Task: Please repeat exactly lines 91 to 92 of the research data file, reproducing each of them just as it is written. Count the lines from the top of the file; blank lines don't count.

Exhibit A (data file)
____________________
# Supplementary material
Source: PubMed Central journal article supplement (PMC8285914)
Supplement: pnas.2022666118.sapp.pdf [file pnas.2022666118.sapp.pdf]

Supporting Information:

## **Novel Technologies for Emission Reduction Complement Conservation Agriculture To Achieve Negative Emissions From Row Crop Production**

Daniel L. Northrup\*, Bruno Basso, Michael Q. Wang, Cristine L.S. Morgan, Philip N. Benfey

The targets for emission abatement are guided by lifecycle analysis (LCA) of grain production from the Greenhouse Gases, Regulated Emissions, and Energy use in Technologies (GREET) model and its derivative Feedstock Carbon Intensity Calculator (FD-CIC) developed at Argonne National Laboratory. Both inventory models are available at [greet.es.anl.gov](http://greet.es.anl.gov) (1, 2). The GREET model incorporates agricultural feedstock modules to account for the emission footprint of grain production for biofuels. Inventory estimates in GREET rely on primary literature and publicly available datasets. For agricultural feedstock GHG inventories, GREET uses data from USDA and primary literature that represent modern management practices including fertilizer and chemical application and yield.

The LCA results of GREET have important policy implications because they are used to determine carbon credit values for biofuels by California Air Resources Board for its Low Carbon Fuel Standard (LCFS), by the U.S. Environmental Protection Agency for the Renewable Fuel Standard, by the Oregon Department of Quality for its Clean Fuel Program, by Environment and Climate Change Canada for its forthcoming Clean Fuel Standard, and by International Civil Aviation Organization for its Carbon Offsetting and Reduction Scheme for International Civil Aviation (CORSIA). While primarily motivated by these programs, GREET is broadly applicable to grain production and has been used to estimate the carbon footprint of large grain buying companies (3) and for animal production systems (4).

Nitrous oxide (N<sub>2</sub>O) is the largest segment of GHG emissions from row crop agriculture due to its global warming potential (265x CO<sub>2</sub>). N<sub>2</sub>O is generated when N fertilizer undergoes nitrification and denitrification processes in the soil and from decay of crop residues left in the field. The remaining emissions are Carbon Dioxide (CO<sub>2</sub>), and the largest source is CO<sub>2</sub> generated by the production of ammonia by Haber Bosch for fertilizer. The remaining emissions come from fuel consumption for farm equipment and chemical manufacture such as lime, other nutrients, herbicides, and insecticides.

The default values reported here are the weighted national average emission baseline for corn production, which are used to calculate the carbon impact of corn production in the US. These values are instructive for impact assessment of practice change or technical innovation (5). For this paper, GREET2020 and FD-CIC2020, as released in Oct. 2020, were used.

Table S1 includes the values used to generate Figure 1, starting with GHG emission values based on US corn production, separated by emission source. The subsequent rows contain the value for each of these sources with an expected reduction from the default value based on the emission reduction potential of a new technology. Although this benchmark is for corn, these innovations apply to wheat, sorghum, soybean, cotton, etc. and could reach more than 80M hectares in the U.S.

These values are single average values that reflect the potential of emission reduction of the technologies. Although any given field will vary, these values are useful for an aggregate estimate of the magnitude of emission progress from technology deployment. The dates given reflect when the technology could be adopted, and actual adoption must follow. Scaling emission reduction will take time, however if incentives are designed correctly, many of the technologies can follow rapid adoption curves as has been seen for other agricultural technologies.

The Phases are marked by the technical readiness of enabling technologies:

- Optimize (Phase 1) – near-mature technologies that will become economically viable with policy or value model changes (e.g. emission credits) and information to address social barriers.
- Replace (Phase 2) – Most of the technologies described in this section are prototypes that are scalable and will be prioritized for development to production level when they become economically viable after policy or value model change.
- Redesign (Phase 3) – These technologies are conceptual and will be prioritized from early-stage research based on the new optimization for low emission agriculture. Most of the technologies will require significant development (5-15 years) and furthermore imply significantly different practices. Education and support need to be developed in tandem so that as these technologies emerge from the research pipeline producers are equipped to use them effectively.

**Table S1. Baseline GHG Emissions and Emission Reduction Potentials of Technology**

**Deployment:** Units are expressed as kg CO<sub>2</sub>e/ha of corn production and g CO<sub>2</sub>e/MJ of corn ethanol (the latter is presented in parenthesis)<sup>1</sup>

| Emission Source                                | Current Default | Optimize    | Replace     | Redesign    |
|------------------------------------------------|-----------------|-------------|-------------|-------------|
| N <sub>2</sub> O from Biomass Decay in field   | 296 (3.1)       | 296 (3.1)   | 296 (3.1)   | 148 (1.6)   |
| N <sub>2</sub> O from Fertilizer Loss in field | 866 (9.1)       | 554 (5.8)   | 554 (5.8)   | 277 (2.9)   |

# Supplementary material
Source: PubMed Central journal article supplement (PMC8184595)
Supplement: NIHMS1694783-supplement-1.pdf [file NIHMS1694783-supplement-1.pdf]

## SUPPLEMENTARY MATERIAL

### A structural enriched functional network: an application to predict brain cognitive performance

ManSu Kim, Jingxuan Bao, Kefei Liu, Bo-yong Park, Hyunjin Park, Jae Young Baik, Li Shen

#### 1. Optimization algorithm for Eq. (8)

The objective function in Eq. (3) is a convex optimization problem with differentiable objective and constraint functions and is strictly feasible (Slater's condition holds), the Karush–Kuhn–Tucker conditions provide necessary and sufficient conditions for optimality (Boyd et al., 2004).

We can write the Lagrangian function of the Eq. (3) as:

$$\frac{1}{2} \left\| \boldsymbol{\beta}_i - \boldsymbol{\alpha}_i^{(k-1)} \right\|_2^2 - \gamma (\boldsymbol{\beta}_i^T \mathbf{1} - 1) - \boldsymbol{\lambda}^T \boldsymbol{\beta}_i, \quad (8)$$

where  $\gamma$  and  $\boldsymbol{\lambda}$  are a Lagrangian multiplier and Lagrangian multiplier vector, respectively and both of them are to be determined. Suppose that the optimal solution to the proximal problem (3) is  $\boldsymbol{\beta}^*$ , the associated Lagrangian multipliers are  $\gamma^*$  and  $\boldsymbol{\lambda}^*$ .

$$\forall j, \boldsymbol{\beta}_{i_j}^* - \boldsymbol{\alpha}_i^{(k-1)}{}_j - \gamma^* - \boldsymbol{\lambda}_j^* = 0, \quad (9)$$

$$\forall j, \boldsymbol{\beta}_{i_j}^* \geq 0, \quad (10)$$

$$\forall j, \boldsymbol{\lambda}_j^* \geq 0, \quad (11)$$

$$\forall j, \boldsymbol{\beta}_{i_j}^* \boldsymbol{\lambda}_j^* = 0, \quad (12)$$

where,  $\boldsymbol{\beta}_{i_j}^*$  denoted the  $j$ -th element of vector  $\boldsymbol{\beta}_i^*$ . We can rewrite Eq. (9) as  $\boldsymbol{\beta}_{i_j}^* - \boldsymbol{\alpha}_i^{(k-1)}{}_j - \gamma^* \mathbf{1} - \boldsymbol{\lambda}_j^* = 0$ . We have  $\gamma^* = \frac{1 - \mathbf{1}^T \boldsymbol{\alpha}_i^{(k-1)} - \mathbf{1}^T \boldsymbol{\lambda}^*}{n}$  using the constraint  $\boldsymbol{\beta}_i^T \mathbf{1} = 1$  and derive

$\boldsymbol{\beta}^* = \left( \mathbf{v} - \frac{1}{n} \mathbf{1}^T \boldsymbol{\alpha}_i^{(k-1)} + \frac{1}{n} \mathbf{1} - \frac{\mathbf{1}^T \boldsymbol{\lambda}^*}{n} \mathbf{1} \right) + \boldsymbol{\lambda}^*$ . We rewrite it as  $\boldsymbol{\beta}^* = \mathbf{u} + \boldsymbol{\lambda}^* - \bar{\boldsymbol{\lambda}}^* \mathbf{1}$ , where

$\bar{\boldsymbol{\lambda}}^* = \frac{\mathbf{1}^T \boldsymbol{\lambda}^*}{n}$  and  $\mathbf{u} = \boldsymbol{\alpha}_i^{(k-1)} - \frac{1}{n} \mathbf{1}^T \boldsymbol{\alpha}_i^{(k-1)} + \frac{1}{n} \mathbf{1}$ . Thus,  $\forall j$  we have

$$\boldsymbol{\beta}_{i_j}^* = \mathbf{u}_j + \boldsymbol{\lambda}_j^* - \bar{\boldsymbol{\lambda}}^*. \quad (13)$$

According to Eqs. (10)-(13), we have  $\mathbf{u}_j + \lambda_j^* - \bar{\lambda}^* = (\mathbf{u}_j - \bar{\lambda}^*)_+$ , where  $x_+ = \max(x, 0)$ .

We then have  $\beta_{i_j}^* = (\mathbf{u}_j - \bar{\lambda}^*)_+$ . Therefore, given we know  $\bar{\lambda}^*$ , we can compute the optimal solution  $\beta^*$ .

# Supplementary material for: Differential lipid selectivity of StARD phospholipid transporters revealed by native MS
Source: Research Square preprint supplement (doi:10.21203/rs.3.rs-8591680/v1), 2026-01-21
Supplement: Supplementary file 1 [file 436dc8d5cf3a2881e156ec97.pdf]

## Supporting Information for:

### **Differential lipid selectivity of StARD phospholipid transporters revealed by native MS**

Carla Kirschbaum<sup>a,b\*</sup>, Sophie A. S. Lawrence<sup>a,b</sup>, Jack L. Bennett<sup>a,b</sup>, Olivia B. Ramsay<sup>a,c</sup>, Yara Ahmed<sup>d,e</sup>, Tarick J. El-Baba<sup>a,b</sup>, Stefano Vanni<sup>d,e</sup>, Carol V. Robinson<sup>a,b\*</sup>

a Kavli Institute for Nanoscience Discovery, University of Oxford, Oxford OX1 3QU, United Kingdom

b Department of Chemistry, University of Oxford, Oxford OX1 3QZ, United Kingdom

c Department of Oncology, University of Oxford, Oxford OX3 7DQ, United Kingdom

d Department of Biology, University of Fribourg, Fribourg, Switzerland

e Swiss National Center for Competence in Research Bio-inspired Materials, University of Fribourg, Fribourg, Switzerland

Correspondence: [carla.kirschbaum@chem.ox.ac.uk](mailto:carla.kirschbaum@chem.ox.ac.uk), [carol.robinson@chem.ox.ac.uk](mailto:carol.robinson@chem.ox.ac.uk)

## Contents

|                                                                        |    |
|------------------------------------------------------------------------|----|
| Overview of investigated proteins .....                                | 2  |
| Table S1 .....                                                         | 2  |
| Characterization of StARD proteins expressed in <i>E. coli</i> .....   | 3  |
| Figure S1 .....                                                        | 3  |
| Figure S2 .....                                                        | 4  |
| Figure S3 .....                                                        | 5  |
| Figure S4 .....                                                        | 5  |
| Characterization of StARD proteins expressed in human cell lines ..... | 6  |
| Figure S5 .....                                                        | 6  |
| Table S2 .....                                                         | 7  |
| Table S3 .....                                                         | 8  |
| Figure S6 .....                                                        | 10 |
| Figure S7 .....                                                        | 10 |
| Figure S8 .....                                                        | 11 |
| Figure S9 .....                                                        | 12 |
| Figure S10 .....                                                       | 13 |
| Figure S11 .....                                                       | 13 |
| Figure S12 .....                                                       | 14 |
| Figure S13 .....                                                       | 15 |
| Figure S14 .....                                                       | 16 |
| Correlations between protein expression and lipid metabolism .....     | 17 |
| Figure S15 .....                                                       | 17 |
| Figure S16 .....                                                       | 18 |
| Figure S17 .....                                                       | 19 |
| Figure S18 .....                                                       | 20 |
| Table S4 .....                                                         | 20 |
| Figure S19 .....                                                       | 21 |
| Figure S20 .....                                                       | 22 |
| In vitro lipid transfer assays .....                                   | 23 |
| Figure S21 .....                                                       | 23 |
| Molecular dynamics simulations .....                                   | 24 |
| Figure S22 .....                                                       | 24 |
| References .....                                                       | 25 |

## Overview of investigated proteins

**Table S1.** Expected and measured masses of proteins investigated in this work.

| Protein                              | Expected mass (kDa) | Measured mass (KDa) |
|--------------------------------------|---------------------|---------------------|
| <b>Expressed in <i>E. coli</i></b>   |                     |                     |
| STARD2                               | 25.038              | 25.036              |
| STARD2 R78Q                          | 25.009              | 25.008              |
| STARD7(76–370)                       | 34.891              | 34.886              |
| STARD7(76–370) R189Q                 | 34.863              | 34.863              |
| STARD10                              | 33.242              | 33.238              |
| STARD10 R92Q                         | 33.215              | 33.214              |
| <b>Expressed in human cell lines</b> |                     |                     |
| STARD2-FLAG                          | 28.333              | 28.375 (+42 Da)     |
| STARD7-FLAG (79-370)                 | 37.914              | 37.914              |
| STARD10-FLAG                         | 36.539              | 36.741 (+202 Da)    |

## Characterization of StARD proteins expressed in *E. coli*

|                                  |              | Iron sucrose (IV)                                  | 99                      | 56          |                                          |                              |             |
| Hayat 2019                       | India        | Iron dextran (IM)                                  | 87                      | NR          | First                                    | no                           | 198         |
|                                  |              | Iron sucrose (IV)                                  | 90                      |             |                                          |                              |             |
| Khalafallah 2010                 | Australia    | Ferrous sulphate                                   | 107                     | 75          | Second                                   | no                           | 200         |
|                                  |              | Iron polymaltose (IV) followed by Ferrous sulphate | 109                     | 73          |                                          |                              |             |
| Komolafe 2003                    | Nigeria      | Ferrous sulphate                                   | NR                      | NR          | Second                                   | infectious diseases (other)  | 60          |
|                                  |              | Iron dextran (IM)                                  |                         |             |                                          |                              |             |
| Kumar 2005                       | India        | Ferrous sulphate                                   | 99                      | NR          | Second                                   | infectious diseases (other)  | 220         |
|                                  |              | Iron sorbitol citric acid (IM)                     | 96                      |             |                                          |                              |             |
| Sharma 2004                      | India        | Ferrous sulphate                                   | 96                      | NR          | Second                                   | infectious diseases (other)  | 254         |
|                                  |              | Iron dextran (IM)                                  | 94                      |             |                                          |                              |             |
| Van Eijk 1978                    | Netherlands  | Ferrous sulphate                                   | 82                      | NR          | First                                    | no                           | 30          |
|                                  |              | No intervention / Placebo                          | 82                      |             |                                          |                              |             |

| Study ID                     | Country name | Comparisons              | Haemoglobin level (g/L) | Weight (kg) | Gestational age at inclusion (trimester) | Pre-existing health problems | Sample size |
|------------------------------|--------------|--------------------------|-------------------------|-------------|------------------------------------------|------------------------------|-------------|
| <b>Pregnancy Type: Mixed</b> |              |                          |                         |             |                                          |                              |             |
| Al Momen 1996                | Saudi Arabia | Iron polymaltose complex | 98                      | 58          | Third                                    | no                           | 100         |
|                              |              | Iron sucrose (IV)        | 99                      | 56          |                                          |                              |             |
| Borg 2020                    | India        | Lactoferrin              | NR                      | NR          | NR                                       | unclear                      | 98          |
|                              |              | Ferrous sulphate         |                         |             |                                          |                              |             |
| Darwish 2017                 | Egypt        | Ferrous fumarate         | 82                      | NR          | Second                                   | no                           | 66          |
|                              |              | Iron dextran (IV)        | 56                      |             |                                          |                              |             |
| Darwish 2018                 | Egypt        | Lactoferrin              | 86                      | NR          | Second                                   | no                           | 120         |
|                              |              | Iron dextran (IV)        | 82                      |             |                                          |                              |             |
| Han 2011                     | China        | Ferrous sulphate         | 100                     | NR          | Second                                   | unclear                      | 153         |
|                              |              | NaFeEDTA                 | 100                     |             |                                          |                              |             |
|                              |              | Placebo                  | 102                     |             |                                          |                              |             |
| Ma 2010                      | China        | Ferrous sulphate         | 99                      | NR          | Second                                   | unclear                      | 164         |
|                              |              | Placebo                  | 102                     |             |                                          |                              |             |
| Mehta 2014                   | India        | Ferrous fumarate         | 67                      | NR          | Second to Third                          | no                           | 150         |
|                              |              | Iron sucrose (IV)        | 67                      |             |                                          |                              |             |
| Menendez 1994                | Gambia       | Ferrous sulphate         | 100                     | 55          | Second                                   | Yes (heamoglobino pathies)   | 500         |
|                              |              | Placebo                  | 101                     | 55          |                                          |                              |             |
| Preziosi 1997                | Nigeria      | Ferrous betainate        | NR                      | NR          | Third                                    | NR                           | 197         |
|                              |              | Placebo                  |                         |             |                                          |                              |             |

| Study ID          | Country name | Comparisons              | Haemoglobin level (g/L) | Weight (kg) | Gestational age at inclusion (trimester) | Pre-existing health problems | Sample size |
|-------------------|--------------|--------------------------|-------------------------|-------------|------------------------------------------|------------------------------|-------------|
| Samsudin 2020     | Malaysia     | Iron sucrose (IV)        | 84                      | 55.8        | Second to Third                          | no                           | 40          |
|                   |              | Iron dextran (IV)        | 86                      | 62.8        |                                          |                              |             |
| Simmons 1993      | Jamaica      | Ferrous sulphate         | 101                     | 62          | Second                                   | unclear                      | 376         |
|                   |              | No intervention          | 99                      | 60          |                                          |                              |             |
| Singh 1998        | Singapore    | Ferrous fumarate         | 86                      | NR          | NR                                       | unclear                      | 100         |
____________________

| References .....                                                       | 25 |

## Overview of investigated proteins